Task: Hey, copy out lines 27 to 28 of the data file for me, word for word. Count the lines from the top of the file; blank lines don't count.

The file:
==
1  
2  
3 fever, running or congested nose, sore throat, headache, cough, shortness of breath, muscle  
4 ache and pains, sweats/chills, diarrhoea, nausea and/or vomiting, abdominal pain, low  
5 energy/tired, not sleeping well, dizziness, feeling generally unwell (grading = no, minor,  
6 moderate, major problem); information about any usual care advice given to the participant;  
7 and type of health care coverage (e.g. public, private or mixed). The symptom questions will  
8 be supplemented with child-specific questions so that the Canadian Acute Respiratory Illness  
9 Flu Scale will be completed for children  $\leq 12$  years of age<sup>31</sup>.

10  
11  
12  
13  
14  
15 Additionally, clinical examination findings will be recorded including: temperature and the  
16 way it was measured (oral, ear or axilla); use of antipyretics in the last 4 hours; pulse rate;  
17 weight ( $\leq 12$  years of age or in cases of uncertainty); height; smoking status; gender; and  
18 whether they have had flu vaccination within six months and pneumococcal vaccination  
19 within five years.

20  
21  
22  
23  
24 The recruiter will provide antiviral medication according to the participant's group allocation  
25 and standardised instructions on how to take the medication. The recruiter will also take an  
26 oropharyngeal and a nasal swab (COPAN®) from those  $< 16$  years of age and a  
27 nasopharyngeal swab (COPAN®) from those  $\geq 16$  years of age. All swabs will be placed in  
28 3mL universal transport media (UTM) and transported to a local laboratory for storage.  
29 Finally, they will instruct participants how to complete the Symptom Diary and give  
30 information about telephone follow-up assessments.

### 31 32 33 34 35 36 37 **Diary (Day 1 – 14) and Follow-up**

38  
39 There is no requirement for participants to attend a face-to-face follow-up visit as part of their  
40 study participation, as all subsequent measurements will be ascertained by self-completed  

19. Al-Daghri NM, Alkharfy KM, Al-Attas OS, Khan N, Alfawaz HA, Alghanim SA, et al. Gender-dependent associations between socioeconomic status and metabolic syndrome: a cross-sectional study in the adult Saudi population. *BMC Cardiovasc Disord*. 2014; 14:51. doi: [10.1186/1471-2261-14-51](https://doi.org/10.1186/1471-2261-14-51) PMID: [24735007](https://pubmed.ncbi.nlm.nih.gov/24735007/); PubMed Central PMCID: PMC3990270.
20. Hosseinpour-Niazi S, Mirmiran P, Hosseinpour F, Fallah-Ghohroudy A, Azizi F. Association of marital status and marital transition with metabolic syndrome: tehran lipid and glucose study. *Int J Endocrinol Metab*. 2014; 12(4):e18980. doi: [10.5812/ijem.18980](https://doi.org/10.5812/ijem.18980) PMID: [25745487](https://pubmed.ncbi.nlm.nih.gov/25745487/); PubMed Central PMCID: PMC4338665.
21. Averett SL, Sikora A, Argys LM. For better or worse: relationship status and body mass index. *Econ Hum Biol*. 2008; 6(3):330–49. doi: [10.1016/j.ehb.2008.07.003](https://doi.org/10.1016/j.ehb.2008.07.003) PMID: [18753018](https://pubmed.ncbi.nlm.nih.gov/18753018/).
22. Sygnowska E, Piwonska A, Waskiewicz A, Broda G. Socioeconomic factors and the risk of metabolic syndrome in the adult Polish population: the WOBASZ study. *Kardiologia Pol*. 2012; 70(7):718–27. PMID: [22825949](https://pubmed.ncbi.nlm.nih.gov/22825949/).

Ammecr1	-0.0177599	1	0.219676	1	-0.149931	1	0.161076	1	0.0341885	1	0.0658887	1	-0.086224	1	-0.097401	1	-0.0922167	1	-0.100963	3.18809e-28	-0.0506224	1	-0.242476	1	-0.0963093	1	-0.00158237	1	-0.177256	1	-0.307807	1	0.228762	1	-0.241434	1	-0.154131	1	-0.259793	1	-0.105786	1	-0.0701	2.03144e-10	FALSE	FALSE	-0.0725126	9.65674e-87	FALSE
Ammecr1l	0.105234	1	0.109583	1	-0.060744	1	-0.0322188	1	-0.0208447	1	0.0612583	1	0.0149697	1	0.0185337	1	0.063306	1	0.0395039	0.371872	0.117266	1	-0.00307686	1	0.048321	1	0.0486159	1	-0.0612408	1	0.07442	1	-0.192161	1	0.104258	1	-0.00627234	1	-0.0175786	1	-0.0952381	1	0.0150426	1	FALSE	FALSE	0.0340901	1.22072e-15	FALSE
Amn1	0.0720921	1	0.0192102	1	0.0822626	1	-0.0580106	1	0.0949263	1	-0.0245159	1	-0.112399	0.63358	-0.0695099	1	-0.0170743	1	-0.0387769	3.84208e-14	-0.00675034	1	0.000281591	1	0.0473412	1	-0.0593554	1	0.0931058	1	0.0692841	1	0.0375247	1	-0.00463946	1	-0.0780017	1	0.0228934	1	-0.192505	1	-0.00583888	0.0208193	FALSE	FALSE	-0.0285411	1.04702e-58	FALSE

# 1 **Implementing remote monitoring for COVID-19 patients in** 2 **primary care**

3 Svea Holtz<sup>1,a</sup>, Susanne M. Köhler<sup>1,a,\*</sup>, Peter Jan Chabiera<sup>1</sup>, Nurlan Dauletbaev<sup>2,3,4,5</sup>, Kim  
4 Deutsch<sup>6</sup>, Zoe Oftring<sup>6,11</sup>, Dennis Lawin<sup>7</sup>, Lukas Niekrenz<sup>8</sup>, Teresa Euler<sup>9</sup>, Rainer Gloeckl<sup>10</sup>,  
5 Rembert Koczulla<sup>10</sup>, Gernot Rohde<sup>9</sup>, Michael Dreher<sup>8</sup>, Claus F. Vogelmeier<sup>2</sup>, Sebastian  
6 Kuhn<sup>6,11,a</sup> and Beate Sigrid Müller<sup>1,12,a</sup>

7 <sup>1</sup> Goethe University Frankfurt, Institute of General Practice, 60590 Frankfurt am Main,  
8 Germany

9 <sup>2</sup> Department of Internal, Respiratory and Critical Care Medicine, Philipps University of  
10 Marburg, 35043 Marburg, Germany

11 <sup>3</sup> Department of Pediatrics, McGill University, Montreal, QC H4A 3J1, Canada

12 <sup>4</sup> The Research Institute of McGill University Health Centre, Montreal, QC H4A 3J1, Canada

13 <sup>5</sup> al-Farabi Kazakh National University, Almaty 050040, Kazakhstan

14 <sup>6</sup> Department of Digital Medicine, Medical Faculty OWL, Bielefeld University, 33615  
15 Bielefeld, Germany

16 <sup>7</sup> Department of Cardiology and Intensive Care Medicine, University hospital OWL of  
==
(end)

27 nasopharyngeal swab (COPAN®) from those  $\geq 16$  years of age. All swabs will be placed in  
28 3mL universal transport media (UTM) and transported to a local laboratory for storage.  